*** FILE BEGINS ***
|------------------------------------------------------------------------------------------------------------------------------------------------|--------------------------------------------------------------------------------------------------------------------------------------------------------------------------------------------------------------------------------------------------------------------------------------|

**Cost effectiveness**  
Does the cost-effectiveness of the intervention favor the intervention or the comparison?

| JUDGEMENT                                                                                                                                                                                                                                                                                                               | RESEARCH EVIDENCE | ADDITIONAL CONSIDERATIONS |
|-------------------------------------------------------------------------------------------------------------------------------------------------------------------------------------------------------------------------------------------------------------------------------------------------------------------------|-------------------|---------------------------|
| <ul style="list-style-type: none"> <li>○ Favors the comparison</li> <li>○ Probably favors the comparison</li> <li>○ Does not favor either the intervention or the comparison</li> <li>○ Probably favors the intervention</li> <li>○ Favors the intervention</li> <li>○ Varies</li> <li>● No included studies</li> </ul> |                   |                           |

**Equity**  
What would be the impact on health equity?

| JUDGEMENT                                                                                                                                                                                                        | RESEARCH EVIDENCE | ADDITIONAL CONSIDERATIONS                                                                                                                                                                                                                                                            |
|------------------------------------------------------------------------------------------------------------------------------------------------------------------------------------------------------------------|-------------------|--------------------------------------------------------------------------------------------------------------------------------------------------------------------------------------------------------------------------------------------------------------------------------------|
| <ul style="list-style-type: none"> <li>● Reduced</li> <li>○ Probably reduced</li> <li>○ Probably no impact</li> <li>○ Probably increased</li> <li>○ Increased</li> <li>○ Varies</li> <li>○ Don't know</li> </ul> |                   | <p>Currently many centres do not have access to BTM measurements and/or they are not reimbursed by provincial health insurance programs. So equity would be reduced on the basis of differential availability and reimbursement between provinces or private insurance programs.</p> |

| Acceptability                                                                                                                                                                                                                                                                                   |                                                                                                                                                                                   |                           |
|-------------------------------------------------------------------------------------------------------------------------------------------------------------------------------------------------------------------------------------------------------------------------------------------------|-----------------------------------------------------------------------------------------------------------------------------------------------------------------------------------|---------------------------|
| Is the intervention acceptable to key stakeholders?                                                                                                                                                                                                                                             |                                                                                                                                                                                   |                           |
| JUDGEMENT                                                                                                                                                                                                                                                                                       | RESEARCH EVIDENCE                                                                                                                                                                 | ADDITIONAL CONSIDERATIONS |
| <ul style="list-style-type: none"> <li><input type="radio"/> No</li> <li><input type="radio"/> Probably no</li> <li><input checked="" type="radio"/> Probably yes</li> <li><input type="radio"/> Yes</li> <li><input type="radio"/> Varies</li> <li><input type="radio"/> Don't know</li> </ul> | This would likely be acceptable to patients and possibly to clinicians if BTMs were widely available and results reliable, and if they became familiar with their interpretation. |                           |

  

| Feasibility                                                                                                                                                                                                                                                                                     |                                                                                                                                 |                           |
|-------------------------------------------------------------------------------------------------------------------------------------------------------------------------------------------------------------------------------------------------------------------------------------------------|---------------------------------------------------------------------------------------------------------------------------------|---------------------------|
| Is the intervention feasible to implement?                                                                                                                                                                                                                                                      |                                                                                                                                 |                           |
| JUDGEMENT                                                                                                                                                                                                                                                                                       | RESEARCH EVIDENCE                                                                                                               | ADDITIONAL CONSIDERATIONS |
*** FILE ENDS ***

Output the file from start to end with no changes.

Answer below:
|------------------------------------------------------------------------------------------------------------------------------------------------|--------------------------------------------------------------------------------------------------------------------------------------------------------------------------------------------------------------------------------------------------------------------------------------|

**Cost effectiveness**  
Does the cost-effectiveness of the intervention favor the intervention or the comparison?

| JUDGEMENT                                                                                                                                                                                                                                                                                                               | RESEARCH EVIDENCE | ADDITIONAL CONSIDERATIONS |
|-------------------------------------------------------------------------------------------------------------------------------------------------------------------------------------------------------------------------------------------------------------------------------------------------------------------------|-------------------|---------------------------|
| <ul style="list-style-type: none"> <li>○ Favors the comparison</li> <li>○ Probably favors the comparison</li> <li>○ Does not favor either the intervention or the comparison</li> <li>○ Probably favors the intervention</li> <li>○ Favors the intervention</li> <li>○ Varies</li> <li>● No included studies</li> </ul> |                   |                           |

**Equity**  
What would be the impact on health equity?

| JUDGEMENT                                                                                                                                                                                                        | RESEARCH EVIDENCE | ADDITIONAL CONSIDERATIONS                                                                                                                                                                                                                                                            |
|------------------------------------------------------------------------------------------------------------------------------------------------------------------------------------------------------------------|-------------------|--------------------------------------------------------------------------------------------------------------------------------------------------------------------------------------------------------------------------------------------------------------------------------------|
| <ul style="list-style-type: none"> <li>● Reduced</li> <li>○ Probably reduced</li> <li>○ Probably no impact</li> <li>○ Probably increased</li> <li>○ Increased</li> <li>○ Varies</li> <li>○ Don't know</li> </ul> |                   | <p>Currently many centres do not have access to BTM measurements and/or they are not reimbursed by provincial health insurance programs. So equity would be reduced on the basis of differential availability and reimbursement between provinces or private insurance programs.</p> |

| Acceptability                                                                                                                                                                                                                                                                                   |                                                                                                                                                                                   |                           |
|-------------------------------------------------------------------------------------------------------------------------------------------------------------------------------------------------------------------------------------------------------------------------------------------------|-----------------------------------------------------------------------------------------------------------------------------------------------------------------------------------|---------------------------|
| Is the intervention acceptable to key stakeholders?                                                                                                                                                                                                                                             |                                                                                                                                                                                   |                           |
| JUDGEMENT                                                                                                                                                                                                                                                                                       | RESEARCH EVIDENCE                                                                                                                                                                 | ADDITIONAL CONSIDERATIONS |
| <ul style="list-style-type: none"> <li><input type="radio"/> No</li> <li><input type="radio"/> Probably no</li> <li><input checked="" type="radio"/> Probably yes</li> <li><input type="radio"/> Yes</li> <li><input type="radio"/> Varies</li> <li><input type="radio"/> Don't know</li> </ul> | This would likely be acceptable to patients and possibly to clinicians if BTMs were widely available and results reliable, and if they became familiar with their interpretation. |                           |

  

| Feasibility                                                                                                                                                                                                                                                                                     |                                                                                                                                 |                           |
|-------------------------------------------------------------------------------------------------------------------------------------------------------------------------------------------------------------------------------------------------------------------------------------------------|---------------------------------------------------------------------------------------------------------------------------------|---------------------------|
| Is the intervention feasible to implement?                                                                                                                                                                                                                                                      |                                                                                                                                 |                           |
| JUDGEMENT                                                                                                                                                                                                                                                                                       | RESEARCH EVIDENCE                                                                                                               | ADDITIONAL CONSIDERATIONS |